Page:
Thanksgiving. Panic. Run. Most people would not put those words together, but since my divorce, no other holiday has felt so painful. Just the thought of Thanksgiving would start the tears and plans to run away.

The first year, I fell apart at work the Monday of Thanksgiving week. I couldn’t stop crying. I had a hard time breathing or thinking. I was shaking. My boss said I could take a break to pull myself together. Caught completely off guard, I had to figure out what the panic was about.

Thanksgiving was the only holiday we celebrated growing up. We made pine cone turkeys, pilgrim and Indian outfits, cornucopias, and our best food. We were grateful on paper, out loud, and in prayer. We celebrated family and faith. Even after I started celebrating other holidays as an adult, Thanksgiving was always my comfort holiday.

Until my world fell apart. My divorce tore up my family. Growing up, no matter what poverty or sickness hit, we always stayed together to fight it out. As a family, we could conquer anything. But now, my own family was broken. Despite the heritage of successful marriages (my parents and four of their siblings have celebrated 50th anniversaries, and my five siblings are still married to their original spouses), I couldn’t keep mine together. I was a failure.

In my brokenness, Thanksgiving symbolized everything I had lost. Hopes. Dreams. Belonging. Loyalty. Love. Family. How could I ever be thankful when it hurt so much?

I figured out why I was panicking, got control of myself and went back to work. My ex-husband had our three boys for Thanksgiving, so I planned my getaway….Daytona Beach. Alone. Nothing to remind me of Thanksgiving.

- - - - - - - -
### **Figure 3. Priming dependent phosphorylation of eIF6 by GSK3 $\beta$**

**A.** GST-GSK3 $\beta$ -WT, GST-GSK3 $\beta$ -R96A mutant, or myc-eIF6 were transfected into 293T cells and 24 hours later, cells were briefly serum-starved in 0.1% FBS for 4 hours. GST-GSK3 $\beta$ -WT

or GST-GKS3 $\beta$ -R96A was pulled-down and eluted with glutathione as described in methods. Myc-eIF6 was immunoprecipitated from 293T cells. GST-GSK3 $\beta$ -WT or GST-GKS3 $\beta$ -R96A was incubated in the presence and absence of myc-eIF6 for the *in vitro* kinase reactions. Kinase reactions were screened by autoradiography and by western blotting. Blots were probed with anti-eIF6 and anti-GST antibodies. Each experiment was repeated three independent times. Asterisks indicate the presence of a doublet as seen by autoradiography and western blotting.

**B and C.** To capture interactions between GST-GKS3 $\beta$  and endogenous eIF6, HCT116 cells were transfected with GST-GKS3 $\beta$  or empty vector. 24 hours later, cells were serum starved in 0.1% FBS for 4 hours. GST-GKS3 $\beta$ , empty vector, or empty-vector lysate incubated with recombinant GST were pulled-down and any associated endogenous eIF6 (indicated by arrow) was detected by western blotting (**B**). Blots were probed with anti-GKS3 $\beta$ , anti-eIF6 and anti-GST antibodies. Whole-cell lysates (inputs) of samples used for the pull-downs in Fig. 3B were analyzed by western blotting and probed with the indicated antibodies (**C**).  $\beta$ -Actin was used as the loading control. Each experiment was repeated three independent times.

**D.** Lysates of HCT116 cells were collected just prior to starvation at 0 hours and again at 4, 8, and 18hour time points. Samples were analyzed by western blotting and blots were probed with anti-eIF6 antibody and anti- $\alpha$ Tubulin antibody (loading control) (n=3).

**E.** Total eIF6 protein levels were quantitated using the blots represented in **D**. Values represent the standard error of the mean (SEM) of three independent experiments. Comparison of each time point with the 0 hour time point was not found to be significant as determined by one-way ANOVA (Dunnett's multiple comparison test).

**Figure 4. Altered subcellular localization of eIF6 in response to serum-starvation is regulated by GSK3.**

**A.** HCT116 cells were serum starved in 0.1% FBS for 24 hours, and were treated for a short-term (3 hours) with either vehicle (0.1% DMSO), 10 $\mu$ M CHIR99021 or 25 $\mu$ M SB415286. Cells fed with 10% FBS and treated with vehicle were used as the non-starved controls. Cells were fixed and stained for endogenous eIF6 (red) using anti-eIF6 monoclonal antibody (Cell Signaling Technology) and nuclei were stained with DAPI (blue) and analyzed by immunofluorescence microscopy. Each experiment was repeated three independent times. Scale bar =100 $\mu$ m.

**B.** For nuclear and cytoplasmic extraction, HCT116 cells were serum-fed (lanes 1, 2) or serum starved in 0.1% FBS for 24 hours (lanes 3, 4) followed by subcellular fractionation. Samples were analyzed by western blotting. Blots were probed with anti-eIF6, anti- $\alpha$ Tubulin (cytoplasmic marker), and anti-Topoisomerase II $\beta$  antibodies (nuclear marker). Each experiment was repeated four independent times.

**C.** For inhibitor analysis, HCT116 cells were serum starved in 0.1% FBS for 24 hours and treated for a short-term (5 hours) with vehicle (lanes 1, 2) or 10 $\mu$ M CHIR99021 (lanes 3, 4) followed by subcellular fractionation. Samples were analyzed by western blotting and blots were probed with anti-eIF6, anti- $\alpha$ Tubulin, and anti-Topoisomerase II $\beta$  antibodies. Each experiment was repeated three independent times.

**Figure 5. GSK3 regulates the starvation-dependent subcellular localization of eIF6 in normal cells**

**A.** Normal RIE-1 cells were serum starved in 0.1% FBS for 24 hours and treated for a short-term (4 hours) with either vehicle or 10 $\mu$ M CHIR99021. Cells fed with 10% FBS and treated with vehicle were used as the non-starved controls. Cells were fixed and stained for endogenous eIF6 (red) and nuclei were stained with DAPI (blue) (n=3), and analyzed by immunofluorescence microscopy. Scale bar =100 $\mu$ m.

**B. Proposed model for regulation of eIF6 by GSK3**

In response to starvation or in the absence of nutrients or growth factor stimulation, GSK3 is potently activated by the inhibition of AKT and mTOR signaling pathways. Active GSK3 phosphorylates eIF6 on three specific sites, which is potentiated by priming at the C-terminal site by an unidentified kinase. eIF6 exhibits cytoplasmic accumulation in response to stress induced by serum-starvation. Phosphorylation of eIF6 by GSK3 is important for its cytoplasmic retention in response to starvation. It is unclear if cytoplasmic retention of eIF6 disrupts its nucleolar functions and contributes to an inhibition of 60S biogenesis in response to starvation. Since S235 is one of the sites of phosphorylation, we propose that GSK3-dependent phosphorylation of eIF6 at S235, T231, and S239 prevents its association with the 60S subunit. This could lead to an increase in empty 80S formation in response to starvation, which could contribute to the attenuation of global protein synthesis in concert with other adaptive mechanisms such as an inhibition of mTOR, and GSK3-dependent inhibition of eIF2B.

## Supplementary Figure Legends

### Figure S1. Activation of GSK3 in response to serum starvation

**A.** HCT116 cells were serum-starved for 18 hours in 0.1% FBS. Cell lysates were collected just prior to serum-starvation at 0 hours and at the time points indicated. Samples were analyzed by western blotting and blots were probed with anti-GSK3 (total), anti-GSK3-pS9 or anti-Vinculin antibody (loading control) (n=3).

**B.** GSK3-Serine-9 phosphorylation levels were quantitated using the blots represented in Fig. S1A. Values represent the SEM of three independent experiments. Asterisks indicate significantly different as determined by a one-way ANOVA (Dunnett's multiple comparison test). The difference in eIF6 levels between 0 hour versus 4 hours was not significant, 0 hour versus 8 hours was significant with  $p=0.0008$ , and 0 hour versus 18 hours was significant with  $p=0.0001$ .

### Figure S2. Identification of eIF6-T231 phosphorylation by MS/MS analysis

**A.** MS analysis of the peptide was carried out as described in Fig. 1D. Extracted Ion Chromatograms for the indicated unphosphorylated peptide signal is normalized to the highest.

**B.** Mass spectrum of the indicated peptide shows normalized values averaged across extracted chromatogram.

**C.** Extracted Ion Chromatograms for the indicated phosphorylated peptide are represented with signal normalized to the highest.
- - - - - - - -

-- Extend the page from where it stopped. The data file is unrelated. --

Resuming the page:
Coming from a large family, I’d never learned to be alone. For the first time in my life, I did fun things alone. I watched the new James Bond movie at the theater. I walked on the beach with my Starbucks. I relaxed in the hot tub. I cried and prayed. God helped me start focusing on what I had, instead of on what I’d lost.

The next year, even though I started panicking, I didn’t run away. I just boycotted my family’s Thanksgiving dinner. Without my boys again, I watched movies and went to Waffle House with a friend. The pain was almost manageable.

I knew my family was hurt that I wouldn’t let them love me through the holiday. They wanted to help me. They couldn’t fathom that their togetherness made my brokenness hurt worse.

The third year, I cried and felt tightness in my chest, but I didn’t panic. I kept my boys and had Thanksgiving with my extended family. I had finally come to terms with my revised family unit. My boys and I were a whole family, not a partial one. We were developing and owning our new identity. Our value was based on God’s unconditional love for us.

family pic visit aunt charlotte

No panicking or crying this year. We’re creating new traditions as a family of four. We’re not boycotting the extended family, but we’ve put our needs first. Instead of traveling, we’re catching up on life and resting. We’re attending a Thanksgiving dinner with others from our church.

Today is Thanksgiving Day, and I am thankful. God has brought healing and hope into my life. My sons are my world. We are blessed beyond measure! May you find hope and healing in a relationship with the Creator of the Universe, too.